Smoke without fire
Absence of live cricket for India hasn't brought a drought in cricket coverage in the Indian media; it has merely meant the focus has shifted from cricket to controversies. Inevitably controversies need fanning, and television channels and newspapers have been rising to the task. But controversies also need fall guys, and it would have been amusing had it not been so appalling the way John Wright and Sanjay Manjrekar have found themselves in the muddle.
Now let me declare my interest. Manjrekar has been a columnist with Wisden Asia Cricket and now with Cricinfo Magazine, and five years of professional interaction has led to a healthy friendship. And with Wright, I have shared a warm personal equation and a few beers through his four-year tenure as the Indian coach. But above everything else, I have known both of them as men with honest opinions and a genuine concern for Indian cricket.
For those Cricinfo readers who might not be familiar with the issues, a brief recap. Manjrekar wrote a piece in Times of India on July 20 where he urged Sachin Tendulkar not to let the worries about physical fitness weigh him down. The subtext of the piece was the question, not overtly asked, but certainly implied, whether Tendulkar was letting the fear of failure affect the way he batted.
And a few days earlier, extracts from Wright's just-published book, John Wright's Indian Summers, started filtering in. Wright has devoted an entire chapter to the selection policy and some of his comments were not flattering. Among other things Wright revealed that many selectors were overly concerned about players from their own zones, that they fought at selection meetings and sulked if their players were not picked, and sometimes had nothing else to contribute.
Both pieces drew sharp reactions, and fuelled by the media's thirst for issues that could fill up airtime and column-inches, they quickly acquired the status of causes celebres. Manjrekar was roundly condemned, even derided, by obliging former cricketers for having dared to question Tendulkar. One accused him of trying to seek cheap publicity, another questioned his credentials, and someone else hinted at jealousy. It was easy to wonder how many had actually read or understood the piece, because many accused Manjrekar of accusing Tendulkar of feigning injury. Most reactions ranged between ill-informed and pathetic.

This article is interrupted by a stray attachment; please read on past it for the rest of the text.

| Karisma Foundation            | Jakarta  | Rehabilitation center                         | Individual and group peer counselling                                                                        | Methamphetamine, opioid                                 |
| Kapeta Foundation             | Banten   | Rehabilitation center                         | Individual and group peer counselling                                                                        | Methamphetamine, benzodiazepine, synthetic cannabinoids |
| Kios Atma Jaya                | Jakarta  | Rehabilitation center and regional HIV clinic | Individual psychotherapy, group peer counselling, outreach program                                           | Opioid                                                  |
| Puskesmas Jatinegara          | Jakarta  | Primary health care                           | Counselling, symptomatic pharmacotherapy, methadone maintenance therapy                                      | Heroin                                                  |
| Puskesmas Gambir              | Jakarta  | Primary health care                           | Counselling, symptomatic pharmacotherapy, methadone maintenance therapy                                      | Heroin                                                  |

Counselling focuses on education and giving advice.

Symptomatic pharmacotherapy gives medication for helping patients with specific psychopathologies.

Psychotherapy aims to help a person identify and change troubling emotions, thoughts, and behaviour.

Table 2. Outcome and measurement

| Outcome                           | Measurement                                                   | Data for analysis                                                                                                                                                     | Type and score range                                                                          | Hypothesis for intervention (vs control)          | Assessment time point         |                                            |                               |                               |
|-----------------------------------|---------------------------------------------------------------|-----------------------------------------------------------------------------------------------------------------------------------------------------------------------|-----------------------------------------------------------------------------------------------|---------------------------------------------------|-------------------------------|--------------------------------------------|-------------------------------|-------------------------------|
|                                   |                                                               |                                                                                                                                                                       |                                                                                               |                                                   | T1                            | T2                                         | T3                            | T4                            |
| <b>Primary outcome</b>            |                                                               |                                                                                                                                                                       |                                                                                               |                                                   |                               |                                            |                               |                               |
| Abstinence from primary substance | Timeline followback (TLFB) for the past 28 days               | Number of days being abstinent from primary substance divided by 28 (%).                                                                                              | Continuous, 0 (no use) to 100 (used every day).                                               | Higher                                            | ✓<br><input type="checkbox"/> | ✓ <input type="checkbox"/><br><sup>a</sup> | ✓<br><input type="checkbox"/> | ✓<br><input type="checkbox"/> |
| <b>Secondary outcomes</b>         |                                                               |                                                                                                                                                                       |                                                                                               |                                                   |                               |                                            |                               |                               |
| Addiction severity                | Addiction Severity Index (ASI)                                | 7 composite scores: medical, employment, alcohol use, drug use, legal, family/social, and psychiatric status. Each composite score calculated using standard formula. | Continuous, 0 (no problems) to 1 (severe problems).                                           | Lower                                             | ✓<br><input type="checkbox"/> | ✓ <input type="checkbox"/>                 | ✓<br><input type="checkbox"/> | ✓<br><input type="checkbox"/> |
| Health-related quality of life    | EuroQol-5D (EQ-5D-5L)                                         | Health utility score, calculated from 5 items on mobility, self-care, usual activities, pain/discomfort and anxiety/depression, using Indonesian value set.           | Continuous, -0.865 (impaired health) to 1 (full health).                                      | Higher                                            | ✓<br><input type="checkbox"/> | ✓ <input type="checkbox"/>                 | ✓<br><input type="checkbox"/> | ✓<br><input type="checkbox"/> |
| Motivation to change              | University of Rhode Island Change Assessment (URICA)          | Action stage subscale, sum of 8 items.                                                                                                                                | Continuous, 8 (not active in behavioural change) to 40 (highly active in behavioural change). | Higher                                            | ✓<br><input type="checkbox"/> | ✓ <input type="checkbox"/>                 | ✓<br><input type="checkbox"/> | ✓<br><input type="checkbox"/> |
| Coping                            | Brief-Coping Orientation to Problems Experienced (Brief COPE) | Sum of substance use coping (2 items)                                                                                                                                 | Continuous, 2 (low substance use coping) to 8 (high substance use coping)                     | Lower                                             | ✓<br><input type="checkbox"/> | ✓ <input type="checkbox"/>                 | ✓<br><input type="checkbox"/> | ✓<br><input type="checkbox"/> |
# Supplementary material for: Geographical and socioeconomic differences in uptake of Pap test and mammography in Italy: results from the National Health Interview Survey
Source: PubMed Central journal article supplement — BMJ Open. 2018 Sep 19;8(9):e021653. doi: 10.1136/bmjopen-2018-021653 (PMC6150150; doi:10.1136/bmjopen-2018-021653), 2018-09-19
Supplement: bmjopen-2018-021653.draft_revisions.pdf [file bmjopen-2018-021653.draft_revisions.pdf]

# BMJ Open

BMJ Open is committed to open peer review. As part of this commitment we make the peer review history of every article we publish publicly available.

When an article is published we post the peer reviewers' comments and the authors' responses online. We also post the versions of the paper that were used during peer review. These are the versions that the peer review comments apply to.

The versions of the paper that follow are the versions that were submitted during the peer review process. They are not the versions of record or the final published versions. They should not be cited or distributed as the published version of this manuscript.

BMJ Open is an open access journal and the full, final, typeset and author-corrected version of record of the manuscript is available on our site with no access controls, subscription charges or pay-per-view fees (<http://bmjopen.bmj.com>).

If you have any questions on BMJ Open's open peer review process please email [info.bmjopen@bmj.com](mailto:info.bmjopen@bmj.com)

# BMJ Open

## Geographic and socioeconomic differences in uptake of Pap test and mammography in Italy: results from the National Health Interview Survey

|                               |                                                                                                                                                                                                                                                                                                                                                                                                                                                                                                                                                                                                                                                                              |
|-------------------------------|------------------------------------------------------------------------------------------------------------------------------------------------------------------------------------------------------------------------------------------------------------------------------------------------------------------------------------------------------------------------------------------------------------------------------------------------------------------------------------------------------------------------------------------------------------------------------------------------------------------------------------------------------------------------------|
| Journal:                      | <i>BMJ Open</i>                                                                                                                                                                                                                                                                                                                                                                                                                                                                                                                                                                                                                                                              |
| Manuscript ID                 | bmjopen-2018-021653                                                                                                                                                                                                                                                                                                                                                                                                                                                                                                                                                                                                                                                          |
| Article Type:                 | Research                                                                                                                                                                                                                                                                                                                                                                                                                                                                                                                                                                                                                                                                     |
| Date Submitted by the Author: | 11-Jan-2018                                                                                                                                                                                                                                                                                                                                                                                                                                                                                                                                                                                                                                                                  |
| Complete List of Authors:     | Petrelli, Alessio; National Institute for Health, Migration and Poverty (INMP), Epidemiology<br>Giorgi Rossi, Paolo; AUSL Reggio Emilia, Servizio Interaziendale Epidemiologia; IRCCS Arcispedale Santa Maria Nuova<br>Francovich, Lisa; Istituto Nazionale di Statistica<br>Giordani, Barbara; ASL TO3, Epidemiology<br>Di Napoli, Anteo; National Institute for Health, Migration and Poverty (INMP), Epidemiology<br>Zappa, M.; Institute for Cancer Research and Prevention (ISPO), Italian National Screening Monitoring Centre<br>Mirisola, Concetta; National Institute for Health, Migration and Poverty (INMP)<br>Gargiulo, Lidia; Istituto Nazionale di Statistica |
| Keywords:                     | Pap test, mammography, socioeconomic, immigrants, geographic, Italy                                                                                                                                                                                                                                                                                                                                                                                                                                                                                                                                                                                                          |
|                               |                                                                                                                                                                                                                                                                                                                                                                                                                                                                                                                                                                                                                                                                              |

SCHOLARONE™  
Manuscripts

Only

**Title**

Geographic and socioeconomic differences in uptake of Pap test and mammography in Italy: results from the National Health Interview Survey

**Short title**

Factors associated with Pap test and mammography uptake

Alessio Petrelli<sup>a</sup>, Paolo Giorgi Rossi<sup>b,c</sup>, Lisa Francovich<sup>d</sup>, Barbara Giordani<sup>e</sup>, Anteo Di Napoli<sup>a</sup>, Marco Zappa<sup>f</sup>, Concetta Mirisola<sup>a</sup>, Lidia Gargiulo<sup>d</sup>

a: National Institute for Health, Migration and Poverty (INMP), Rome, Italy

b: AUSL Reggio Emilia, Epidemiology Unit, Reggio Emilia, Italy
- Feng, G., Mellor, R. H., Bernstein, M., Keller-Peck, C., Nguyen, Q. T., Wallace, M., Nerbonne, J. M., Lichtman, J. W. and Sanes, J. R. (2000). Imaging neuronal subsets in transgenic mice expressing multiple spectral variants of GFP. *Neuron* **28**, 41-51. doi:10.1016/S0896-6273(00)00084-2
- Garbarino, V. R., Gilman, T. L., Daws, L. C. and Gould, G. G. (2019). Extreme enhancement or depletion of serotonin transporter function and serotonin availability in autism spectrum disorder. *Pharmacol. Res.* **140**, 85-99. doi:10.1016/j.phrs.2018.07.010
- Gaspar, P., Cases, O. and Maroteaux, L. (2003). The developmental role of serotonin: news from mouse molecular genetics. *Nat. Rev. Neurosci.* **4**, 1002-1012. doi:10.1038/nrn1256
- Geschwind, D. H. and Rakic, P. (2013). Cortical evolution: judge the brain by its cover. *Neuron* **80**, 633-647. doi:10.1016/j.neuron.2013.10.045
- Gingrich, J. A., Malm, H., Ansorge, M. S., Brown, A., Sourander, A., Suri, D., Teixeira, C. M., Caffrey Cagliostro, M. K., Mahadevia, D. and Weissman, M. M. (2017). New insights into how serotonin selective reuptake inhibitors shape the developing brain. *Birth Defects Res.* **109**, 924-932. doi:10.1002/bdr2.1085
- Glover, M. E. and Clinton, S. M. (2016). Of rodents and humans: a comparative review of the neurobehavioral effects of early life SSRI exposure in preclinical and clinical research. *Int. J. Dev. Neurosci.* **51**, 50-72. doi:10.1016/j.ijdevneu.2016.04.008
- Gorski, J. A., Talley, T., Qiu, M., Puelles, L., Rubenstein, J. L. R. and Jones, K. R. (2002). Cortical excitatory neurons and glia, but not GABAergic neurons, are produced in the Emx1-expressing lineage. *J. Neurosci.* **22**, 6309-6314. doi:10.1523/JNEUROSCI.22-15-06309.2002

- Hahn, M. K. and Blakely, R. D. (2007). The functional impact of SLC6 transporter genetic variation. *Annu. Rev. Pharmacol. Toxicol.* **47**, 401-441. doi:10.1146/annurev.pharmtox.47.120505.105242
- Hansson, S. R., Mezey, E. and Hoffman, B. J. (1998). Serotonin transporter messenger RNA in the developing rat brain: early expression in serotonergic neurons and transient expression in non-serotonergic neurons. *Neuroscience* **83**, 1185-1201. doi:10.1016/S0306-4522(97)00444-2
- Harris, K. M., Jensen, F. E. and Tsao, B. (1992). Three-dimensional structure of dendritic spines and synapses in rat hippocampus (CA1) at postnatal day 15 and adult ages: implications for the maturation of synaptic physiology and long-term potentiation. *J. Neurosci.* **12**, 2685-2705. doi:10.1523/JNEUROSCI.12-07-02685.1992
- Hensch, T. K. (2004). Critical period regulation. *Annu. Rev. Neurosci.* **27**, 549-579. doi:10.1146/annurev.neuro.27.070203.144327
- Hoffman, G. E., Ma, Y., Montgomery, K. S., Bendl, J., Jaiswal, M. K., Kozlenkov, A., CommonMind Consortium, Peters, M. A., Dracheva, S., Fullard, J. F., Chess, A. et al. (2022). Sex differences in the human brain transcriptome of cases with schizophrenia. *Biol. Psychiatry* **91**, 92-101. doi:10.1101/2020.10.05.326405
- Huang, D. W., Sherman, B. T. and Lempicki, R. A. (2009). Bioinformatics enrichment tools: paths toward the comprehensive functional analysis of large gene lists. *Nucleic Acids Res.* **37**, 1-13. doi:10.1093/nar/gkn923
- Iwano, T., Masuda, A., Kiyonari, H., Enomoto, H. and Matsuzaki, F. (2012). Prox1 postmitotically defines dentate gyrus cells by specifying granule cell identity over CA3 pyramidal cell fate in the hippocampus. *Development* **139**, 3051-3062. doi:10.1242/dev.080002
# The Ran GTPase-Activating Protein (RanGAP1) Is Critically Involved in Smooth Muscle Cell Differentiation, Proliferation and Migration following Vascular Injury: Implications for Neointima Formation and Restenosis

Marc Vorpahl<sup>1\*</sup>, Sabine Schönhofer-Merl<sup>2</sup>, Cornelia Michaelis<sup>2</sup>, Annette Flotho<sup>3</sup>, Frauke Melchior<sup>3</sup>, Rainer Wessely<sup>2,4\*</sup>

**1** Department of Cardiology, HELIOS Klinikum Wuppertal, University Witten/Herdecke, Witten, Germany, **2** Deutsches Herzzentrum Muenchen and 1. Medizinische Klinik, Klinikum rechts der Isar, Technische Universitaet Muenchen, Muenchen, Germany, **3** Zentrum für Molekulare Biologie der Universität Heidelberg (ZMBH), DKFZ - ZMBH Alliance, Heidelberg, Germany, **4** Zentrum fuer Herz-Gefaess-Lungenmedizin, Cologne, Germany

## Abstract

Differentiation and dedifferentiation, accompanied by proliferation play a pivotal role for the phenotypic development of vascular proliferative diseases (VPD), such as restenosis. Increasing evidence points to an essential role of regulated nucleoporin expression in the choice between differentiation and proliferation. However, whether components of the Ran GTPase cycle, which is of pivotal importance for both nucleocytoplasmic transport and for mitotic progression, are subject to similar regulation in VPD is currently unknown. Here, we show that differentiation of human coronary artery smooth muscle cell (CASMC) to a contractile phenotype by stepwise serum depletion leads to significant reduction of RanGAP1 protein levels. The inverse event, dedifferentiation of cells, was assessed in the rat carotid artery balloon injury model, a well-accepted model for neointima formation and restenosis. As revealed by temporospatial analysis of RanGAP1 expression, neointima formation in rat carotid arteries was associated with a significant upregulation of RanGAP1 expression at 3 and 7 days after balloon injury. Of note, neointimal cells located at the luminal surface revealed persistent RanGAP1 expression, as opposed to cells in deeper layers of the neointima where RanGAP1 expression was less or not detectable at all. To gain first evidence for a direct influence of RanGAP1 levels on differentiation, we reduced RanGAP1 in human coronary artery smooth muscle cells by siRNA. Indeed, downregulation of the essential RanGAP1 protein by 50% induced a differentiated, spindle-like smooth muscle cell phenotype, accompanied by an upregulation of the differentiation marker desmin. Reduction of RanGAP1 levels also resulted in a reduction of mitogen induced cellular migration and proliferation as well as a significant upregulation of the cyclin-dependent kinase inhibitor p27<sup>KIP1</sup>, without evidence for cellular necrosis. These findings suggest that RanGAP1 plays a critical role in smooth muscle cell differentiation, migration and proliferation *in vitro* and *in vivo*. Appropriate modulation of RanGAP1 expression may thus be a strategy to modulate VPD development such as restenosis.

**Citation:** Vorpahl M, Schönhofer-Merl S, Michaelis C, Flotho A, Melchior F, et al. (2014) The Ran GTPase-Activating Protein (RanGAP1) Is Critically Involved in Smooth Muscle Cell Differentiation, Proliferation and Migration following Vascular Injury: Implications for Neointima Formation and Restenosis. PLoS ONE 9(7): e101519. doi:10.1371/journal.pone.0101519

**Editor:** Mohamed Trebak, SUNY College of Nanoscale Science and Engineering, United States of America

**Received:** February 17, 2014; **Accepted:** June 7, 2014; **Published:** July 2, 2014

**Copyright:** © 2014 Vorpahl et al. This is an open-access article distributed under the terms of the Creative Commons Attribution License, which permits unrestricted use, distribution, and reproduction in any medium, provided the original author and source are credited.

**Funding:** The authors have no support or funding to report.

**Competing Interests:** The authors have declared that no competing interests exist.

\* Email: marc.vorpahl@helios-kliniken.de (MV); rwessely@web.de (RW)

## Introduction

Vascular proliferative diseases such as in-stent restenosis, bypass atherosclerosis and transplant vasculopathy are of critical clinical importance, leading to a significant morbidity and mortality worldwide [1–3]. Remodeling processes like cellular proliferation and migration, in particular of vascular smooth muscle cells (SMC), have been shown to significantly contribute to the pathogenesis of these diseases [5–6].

Similarly, many former selectors who were sought out by the media, went for Wright's jugular. Wright had taken no names, but clues came from the reactions. One termed his comments an insult to BCCI; someone called him spineless for not having spoken earlier; and predictably, another accused him trying to gain cheap publicity for his book with the intention of making money.
It wasn't the first time someone has questioned Tendulkar's cautious approach, and it is simply fruitless even trying to count how many times Indian selectors have been accused of petty parochialism. But here were two well known figures in cricket, one a former team-mate, the other an insider, raising a few questions. It should have led to healthy debate. Instead, both the issues got drowned in shrill silliness. Perhaps to expect anything better would have been futile.
Perhaps Manjrekar got it wrong. You could argue that he might not be fully aware of the nature of extent of Tendulkar's injuries. And it can even be argued that a conservative Tendulkar serves Indian cricket's interests better. But why is it such a blasphemy to raise a few questions over Tendulkar? Is Tendulkar infallible? Can we not make allowance for the fact that he could do a couple of things wrong? And even if all this is untrue, can we not merely agree to disagree?
I had seen this piece coming for a while. At one point Manjrekar was the next big thing in Indian batting, but his was a career unfulfilled. However he has not languished in lament. He has held no one but himself responsible and moved on. He is now fully committed to his career in the media, where he has emerged as a thoughtful and articulate commentator. One thing has not changed: he has stayed an awestruck admirer of Tendulkar's enormous skills.
Of late, he has been troubled by what he perceives as short-selling of his own talent by Tendulkar. He believes that by holding himself back, Tendulkar is denying himself, and the world, the full scope of his genius. His piece was an expression of angst, not malice. Of course, Tendulkar knows his game, his body and his mind the best. And he need pay no heed to Manjrekar's advice. But as a commentator and writer, Manjrekar is entitled to his observations.
And as for Wright, what a tragedy it would be to wish away his comments on selections as a gimmick to sell a few copies. This was a man who never stopped describing his job as India's coach as an honour, a privilege. And he meant it. Of course, he will make money if the book sells. But it is not a book written to cause sensation. It is a book written out of affection. I haven't got the book yet, but from the few chapters that friends in New Zealand have sent me, I can sense warmth in every page.
Wright didn't have a smooth ride with all the Indian players, and his relationship with Sourav Ganguly was sometimes rocky. But he pays wholesome tribute to Ganguly and rarely compromises a player. There is honesty in the book, and he does not spare himself.
It's a book Indian cricket needed. Wright has raised some important issues. There might be some opinions in the book we may not necessarily agree with, but we ought to listen. Because Wright cared, and still cares, for Indian cricket. A bit more than many former Indian players who spared no efforts to belittle him.
Sambit Bal is the editor of Cricinfo and Cricinfo Magazine